In kernel operations, the uprobe component of eBPF often faces performance inefficiencies, primarily due to the overheads introduced by context switches. Transitioning to userspace, eBPF can bypass these context switch-induced delays, leading to optimized performance. Moreover, this transition facilitates greater configurability without requiring root access or privileges, thus reducing the kernel attack surface.
In this talk, we will introduce bpftime, a prototype userspace eBPF runtime. It offers rapid uprobe and syscall hook capabilities: userspace uprobes can be 10x faster than kernel uprobes, without the necessity of two context switches. It can also programmatically hook syscalls of a process safely and efficiently.
Utilizing binary rewriting, we enable uprobe and syscall hooks: These can trace or patch the execution of a function, and hook, filter, or redirect all syscalls of a process with an eBPF userspace runtime. This runtime can be injected into any running process without the need for a restart or manual recompilation.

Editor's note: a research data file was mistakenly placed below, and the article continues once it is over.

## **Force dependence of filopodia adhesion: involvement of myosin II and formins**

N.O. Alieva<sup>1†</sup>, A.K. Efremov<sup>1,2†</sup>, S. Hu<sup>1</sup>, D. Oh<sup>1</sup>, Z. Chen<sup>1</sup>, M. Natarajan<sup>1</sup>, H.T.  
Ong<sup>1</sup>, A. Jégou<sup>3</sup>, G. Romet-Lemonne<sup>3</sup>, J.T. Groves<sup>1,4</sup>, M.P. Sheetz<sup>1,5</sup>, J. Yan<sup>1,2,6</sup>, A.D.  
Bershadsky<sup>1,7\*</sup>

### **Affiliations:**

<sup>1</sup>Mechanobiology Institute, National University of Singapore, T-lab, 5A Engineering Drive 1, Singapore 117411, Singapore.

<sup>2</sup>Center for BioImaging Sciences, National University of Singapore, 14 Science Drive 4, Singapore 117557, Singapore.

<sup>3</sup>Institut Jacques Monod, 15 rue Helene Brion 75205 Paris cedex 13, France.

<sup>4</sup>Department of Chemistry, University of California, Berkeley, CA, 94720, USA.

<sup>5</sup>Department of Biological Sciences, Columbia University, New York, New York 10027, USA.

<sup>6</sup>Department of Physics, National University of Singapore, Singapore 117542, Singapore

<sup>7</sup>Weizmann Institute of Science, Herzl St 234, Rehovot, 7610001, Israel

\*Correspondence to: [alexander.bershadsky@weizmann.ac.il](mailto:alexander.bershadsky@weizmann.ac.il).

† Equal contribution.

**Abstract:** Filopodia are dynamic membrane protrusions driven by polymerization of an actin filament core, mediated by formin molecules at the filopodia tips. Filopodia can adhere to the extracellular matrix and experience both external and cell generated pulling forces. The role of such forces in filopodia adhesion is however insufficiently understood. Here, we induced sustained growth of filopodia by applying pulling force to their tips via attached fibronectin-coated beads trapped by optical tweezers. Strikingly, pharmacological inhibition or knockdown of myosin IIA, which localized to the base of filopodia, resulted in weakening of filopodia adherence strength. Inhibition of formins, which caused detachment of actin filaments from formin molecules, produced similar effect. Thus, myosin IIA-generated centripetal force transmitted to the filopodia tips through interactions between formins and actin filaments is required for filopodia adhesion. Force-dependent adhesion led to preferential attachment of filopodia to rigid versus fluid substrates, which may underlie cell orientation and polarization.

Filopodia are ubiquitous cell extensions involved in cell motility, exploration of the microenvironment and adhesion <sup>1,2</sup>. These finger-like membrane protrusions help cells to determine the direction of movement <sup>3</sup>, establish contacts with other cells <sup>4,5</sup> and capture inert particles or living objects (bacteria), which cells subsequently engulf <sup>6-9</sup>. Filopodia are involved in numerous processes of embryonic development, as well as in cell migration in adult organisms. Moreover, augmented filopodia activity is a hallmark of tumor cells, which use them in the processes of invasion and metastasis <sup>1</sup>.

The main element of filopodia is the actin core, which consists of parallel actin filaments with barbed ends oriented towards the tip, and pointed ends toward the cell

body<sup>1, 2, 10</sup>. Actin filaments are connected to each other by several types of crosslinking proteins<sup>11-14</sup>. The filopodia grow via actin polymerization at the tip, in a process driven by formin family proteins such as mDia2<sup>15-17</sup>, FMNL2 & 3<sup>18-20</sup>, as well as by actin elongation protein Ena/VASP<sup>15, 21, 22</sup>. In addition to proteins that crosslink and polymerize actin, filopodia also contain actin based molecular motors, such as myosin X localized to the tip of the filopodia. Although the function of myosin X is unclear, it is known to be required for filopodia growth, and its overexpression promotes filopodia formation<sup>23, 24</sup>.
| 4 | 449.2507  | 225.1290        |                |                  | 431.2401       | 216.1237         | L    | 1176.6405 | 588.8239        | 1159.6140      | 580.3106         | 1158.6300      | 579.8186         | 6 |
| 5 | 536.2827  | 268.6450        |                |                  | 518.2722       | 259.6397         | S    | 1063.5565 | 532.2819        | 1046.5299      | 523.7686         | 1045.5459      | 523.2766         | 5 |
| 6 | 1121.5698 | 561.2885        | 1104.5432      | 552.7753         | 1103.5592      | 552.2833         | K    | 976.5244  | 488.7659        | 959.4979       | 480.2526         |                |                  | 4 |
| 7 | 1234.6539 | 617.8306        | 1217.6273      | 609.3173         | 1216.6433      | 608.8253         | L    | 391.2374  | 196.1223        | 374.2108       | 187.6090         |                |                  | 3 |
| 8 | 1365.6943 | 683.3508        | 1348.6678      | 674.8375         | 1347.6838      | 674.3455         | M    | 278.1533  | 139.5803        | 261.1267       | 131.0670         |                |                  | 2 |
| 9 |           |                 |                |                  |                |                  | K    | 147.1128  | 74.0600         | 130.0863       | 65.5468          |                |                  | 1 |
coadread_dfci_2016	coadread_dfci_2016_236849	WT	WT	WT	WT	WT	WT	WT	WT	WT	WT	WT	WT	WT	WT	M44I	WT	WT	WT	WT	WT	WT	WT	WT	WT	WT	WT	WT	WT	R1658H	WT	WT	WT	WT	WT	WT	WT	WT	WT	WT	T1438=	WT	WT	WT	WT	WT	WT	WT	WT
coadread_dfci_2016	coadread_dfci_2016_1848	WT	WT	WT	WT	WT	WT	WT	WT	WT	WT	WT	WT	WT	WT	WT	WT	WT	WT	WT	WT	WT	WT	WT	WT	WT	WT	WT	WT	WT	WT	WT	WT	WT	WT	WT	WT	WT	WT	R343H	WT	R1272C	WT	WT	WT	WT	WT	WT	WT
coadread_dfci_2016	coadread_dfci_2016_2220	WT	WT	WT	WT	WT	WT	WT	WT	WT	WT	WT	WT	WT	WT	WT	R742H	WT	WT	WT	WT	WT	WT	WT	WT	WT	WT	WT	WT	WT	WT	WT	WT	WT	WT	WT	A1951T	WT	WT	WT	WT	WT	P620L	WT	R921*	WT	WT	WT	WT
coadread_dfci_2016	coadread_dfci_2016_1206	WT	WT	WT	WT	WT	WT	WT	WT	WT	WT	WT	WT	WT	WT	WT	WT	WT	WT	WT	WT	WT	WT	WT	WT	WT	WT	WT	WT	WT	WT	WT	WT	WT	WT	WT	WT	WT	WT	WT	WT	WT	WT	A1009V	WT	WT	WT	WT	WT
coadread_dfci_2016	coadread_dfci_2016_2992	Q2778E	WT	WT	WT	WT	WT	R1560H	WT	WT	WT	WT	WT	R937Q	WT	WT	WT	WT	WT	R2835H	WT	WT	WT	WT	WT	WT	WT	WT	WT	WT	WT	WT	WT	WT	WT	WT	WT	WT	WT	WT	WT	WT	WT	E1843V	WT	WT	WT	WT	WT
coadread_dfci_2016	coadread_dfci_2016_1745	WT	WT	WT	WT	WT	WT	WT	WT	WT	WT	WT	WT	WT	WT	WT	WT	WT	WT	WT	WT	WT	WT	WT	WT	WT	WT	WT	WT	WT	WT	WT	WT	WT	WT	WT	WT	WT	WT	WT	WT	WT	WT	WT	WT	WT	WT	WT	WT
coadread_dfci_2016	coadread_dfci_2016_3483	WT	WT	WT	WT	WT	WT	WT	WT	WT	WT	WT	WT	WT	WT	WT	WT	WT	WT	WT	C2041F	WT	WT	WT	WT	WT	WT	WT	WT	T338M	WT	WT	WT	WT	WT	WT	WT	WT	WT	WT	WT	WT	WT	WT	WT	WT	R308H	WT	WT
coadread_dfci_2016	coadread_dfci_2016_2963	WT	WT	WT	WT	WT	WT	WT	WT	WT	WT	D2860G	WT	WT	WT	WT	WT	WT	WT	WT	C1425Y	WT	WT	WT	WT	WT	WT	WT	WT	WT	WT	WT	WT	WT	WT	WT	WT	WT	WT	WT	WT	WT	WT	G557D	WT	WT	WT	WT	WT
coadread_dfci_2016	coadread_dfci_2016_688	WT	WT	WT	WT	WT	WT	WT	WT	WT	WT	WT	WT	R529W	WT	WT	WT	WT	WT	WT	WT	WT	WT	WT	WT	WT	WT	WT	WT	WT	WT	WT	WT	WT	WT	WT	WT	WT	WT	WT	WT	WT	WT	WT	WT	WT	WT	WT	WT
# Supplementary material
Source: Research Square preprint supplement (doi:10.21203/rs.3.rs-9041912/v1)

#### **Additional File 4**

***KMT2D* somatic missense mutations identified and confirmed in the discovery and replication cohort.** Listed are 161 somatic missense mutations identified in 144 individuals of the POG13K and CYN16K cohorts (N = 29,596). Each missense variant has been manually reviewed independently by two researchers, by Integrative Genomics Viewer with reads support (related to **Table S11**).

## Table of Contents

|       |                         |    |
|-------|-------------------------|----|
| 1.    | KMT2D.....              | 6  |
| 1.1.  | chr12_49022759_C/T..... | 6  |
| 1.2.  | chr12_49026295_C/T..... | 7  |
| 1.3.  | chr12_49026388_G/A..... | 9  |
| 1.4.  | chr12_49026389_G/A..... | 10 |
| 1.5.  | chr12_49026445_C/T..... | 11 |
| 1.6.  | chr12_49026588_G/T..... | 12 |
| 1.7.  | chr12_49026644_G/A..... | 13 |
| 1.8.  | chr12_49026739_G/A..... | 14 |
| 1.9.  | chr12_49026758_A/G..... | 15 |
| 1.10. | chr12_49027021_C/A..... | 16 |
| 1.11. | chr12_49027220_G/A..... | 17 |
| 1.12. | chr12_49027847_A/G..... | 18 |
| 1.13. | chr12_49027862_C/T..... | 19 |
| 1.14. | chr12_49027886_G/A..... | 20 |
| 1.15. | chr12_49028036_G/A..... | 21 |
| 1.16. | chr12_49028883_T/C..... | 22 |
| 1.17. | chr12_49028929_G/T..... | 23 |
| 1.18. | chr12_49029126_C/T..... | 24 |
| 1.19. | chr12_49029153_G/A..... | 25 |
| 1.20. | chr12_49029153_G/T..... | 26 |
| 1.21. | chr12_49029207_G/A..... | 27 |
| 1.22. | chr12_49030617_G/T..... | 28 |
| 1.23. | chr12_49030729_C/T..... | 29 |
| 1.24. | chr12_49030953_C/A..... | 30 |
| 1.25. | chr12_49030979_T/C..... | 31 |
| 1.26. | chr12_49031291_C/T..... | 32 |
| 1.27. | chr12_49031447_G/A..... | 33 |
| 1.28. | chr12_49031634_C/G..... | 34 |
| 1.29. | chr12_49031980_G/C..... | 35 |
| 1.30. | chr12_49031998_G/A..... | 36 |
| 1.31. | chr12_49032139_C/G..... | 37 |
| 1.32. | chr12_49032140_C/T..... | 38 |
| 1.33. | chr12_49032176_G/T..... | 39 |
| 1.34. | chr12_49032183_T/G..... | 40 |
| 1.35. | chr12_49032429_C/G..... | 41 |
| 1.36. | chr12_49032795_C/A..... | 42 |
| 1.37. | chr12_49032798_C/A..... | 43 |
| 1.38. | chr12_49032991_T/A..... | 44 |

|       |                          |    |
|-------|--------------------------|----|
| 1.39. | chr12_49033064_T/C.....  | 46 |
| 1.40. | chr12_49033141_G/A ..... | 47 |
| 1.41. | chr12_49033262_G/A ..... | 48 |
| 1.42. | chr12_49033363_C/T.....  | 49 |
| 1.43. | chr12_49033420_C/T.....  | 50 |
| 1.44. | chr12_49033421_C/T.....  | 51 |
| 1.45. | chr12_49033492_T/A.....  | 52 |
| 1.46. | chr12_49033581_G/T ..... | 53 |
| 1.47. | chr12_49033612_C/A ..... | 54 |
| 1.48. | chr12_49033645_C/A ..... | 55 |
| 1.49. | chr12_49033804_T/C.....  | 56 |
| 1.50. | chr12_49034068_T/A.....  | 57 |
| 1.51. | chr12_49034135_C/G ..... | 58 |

Additionally, we have implemented interprocess eBPF Maps in shared userspace memory for summary aggregation or control plane communication. Compatibility is ensured with existing eBPF toolchains like clang and libbpf for developing userspace eBPF without any modifications. We support CO-RE via BTF, and offer userspace host function access, broadening the utility and ease of use of the bpftime runtime.